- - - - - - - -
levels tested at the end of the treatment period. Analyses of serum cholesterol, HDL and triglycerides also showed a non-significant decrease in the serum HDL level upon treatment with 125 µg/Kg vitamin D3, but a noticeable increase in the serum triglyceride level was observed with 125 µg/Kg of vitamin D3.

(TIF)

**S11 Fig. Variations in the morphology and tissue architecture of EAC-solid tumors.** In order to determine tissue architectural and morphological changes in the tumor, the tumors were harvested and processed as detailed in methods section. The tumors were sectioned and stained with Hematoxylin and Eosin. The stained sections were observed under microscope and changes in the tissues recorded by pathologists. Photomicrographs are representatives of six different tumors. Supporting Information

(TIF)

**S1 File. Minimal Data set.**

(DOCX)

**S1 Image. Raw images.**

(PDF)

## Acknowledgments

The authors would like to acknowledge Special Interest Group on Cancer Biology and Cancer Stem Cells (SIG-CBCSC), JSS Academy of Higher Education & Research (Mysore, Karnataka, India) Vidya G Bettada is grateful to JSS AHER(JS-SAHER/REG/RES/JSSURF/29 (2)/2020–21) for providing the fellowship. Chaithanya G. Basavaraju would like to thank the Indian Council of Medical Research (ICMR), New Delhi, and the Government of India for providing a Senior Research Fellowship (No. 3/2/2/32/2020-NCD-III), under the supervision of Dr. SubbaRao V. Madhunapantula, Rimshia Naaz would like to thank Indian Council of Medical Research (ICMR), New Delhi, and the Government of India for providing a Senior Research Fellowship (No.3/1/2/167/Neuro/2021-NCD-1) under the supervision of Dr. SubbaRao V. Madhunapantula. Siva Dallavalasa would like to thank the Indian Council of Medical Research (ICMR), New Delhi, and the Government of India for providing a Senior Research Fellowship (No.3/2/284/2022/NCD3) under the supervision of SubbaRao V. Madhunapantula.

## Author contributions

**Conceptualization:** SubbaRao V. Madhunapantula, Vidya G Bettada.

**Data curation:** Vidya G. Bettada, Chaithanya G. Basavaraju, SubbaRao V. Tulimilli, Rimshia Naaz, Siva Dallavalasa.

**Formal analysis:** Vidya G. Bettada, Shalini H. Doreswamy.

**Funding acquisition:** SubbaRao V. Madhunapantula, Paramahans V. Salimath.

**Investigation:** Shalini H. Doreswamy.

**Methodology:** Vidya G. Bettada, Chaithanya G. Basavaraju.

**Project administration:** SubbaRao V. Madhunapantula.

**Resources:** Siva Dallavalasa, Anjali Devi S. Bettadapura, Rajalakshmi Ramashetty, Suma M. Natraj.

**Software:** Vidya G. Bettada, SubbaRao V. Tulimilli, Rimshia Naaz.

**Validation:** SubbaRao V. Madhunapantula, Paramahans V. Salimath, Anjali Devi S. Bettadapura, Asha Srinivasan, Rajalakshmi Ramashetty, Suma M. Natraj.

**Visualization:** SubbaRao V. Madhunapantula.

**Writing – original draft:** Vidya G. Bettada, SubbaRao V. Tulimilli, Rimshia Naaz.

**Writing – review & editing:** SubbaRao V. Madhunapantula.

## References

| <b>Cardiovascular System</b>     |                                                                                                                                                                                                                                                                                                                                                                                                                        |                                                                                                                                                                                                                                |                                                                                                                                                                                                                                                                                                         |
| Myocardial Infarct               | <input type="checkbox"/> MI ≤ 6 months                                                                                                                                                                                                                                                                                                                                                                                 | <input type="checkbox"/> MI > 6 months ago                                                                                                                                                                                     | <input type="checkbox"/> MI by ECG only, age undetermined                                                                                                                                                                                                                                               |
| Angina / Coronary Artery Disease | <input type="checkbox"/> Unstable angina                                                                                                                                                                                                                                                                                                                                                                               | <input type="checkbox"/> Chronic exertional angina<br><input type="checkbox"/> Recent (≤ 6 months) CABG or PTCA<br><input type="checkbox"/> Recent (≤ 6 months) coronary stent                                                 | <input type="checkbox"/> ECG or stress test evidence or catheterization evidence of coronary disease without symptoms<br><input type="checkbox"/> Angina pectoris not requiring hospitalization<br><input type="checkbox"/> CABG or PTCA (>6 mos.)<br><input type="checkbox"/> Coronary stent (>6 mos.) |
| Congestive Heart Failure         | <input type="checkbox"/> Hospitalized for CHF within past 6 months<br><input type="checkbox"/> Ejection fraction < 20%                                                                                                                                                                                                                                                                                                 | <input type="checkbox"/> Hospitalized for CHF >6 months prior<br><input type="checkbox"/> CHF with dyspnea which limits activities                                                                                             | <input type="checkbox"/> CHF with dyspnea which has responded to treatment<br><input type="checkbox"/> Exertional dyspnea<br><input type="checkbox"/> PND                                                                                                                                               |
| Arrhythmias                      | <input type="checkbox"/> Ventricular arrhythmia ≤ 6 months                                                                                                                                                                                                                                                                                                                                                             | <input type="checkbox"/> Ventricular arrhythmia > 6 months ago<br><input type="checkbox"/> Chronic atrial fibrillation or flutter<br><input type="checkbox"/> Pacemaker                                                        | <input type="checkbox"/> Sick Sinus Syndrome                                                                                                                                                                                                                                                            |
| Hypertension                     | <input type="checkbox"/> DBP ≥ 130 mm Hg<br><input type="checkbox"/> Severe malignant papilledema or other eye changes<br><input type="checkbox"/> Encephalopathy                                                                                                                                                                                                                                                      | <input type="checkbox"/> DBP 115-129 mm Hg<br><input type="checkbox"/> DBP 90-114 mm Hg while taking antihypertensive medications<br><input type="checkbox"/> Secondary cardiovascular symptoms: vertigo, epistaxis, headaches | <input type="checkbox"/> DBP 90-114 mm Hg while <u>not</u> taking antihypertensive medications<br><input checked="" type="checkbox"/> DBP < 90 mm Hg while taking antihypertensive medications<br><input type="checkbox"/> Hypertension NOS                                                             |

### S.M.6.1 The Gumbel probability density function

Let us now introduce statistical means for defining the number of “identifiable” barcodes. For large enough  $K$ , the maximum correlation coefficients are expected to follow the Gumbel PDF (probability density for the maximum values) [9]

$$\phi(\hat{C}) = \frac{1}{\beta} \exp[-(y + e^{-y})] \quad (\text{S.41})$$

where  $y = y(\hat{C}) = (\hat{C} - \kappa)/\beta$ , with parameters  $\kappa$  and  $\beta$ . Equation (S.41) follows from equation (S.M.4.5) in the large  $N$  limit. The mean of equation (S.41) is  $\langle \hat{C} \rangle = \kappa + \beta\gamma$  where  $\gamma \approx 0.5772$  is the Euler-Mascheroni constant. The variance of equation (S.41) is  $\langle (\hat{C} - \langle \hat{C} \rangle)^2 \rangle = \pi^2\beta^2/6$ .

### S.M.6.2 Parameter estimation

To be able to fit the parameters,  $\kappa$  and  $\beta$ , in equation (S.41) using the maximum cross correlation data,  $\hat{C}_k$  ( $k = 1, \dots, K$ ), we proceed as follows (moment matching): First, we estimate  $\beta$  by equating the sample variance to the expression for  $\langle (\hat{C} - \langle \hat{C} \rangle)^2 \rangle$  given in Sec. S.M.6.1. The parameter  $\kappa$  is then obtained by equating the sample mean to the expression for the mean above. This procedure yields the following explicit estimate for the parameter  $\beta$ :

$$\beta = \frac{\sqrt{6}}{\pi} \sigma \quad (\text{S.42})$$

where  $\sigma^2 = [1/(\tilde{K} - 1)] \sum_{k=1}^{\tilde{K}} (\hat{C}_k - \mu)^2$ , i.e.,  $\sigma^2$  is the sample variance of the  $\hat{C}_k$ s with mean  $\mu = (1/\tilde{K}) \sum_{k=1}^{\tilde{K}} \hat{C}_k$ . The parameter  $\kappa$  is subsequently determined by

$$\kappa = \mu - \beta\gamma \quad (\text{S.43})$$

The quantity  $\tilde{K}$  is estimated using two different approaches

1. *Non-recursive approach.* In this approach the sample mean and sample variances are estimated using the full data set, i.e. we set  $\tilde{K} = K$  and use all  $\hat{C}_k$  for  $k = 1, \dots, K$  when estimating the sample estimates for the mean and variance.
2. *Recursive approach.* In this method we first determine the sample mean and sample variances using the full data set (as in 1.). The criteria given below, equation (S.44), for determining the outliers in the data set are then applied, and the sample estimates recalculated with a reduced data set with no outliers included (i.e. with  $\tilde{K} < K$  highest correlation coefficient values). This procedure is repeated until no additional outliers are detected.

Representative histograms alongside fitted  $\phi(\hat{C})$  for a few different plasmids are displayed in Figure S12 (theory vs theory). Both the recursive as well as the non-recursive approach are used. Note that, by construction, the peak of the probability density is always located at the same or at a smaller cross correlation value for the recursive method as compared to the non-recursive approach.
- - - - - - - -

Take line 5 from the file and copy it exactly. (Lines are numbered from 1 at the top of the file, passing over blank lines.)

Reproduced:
**S1 File. Minimal Data set.**